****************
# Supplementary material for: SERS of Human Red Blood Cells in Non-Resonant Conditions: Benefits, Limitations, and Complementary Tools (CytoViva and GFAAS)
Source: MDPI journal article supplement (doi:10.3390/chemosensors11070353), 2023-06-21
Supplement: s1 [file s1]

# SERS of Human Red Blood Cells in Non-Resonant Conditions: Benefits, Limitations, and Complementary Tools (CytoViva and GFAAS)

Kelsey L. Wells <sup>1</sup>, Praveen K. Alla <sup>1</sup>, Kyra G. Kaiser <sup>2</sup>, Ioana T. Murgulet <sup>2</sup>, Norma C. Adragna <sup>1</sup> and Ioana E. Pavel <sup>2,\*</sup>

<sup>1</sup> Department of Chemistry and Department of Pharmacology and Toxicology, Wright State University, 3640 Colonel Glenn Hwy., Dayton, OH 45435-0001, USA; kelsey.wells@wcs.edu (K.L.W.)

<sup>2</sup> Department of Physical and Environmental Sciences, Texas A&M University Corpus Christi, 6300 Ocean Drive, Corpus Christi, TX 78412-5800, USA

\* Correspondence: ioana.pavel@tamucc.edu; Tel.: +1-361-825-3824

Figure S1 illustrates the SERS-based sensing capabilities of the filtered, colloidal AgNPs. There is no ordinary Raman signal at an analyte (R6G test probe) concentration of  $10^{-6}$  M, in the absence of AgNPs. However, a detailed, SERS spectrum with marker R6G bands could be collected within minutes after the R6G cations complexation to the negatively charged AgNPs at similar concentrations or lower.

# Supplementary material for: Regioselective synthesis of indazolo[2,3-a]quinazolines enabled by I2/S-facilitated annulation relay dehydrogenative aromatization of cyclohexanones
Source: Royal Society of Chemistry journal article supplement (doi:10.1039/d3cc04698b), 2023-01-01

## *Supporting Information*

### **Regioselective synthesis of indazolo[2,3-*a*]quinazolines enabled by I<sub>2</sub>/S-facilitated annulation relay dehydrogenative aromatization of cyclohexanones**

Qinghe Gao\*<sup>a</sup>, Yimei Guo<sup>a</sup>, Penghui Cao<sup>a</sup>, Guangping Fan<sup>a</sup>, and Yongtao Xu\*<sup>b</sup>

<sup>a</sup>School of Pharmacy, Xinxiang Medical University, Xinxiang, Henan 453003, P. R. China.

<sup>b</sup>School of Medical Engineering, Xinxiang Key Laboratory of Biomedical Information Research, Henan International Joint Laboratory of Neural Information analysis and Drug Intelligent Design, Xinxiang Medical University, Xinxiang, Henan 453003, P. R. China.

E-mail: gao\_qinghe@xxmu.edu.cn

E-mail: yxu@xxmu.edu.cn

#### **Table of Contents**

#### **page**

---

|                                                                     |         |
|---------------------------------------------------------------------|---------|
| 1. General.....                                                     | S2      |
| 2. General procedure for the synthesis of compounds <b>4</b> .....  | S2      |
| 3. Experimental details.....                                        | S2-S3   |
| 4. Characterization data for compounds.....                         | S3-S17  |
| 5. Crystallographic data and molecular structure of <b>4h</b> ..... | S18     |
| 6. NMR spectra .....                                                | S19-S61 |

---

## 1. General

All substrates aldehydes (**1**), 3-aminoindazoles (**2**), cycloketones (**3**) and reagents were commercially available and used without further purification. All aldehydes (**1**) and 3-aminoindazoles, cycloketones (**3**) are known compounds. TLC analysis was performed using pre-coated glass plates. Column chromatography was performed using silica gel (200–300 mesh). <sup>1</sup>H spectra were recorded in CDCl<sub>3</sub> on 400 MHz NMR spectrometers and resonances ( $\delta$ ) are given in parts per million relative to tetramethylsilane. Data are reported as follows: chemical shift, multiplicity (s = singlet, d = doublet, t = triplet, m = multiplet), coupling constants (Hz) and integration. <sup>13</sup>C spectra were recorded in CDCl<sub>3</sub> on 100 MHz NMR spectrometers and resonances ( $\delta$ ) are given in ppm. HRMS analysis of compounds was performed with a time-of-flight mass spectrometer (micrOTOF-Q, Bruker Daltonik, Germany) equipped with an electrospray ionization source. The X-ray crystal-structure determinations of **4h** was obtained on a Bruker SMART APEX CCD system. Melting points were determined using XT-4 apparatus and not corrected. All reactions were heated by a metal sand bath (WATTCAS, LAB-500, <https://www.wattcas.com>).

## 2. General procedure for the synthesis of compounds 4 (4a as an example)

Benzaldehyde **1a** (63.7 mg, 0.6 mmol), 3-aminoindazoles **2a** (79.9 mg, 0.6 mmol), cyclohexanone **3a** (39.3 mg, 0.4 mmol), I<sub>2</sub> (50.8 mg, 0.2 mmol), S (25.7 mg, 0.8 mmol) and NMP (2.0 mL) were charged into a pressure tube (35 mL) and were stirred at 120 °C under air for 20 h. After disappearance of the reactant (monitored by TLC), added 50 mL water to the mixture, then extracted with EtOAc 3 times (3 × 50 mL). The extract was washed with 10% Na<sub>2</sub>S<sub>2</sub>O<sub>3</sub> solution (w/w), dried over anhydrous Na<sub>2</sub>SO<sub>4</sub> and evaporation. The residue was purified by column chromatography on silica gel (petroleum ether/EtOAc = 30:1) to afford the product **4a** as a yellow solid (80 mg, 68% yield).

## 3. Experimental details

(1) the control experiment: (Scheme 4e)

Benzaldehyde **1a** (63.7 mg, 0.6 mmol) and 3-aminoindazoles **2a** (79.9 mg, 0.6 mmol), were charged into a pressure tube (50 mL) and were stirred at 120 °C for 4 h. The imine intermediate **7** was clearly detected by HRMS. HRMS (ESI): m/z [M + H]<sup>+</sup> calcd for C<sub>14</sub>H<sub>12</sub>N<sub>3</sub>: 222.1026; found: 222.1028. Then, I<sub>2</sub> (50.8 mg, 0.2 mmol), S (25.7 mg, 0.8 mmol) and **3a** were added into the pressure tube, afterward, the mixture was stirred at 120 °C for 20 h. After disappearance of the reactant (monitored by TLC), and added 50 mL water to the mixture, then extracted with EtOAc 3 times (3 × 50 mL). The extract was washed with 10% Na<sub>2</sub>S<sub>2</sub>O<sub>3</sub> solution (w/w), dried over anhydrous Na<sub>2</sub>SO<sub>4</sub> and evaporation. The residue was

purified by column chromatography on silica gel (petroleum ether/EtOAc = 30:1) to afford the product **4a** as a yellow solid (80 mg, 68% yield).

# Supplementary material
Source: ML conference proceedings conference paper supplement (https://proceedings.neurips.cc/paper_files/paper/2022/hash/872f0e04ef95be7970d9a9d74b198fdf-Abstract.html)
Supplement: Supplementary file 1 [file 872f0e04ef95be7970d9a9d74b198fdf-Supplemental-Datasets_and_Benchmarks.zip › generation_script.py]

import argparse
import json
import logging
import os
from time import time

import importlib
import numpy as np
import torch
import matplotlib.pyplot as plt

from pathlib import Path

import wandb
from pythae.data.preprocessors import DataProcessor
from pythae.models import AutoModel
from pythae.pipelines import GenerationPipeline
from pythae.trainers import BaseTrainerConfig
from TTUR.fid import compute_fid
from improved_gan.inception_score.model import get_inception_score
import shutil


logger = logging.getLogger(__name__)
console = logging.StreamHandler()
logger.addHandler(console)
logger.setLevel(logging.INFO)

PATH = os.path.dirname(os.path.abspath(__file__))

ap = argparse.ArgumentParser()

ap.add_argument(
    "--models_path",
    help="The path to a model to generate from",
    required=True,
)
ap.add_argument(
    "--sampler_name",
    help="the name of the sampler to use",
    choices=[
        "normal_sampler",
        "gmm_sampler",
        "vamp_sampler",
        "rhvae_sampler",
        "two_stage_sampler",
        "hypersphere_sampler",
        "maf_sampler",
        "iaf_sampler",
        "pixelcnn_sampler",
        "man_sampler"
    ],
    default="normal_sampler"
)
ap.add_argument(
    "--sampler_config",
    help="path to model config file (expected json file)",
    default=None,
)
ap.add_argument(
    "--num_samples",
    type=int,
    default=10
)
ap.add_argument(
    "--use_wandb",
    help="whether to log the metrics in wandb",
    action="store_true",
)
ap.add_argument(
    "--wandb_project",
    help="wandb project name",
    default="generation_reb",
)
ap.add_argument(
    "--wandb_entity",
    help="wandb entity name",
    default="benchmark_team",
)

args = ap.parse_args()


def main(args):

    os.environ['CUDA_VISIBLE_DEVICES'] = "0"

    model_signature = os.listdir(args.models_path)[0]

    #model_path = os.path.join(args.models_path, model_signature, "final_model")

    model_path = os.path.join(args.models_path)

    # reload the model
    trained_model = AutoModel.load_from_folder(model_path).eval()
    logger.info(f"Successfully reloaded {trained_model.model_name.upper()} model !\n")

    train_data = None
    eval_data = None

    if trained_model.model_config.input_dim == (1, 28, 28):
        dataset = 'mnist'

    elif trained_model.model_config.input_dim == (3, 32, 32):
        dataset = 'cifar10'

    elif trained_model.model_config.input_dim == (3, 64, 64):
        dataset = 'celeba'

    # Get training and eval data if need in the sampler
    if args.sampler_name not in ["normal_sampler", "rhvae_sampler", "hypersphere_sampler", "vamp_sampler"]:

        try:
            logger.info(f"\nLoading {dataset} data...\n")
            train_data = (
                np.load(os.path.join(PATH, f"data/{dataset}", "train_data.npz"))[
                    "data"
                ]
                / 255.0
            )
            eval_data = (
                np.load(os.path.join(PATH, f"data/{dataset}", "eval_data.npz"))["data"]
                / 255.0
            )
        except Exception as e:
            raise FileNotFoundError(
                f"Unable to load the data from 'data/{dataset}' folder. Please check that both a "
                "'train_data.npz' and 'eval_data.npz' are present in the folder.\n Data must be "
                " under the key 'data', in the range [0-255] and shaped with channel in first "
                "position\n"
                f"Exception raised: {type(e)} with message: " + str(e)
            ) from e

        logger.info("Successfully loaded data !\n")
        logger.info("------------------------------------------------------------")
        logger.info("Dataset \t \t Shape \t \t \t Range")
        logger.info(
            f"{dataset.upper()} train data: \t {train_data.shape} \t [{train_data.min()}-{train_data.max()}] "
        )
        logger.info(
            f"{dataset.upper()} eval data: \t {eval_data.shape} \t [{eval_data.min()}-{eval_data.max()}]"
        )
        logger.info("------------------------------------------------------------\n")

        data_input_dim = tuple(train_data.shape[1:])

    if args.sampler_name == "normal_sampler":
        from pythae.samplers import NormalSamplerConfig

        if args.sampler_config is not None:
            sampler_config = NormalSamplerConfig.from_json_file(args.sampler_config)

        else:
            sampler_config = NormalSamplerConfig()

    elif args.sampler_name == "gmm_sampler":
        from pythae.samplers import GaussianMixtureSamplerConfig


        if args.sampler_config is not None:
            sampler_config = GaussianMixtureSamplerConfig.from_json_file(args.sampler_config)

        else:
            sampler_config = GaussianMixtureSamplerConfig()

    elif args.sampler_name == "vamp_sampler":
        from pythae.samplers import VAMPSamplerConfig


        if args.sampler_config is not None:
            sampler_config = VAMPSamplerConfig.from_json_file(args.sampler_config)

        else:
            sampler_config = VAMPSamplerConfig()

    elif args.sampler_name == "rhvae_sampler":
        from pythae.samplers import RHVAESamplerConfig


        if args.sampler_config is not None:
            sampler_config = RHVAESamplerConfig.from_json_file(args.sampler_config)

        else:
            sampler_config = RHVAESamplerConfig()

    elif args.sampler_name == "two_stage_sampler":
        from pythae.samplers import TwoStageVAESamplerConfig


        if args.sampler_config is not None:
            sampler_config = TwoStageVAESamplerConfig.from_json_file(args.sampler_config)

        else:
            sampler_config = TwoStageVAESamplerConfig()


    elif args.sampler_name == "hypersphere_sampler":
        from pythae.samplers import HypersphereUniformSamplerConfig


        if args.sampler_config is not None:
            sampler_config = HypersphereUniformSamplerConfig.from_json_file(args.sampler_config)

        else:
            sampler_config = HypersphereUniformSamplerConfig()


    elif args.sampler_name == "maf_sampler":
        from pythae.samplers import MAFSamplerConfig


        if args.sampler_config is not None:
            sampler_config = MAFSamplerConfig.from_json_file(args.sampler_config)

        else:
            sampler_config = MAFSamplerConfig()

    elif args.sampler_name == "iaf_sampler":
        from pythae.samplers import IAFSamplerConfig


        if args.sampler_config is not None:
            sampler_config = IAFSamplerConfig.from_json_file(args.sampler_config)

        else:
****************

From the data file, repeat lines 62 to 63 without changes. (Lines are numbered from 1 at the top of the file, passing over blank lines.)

logger.addHandler(console)
logger.setLevel(logging.INFO)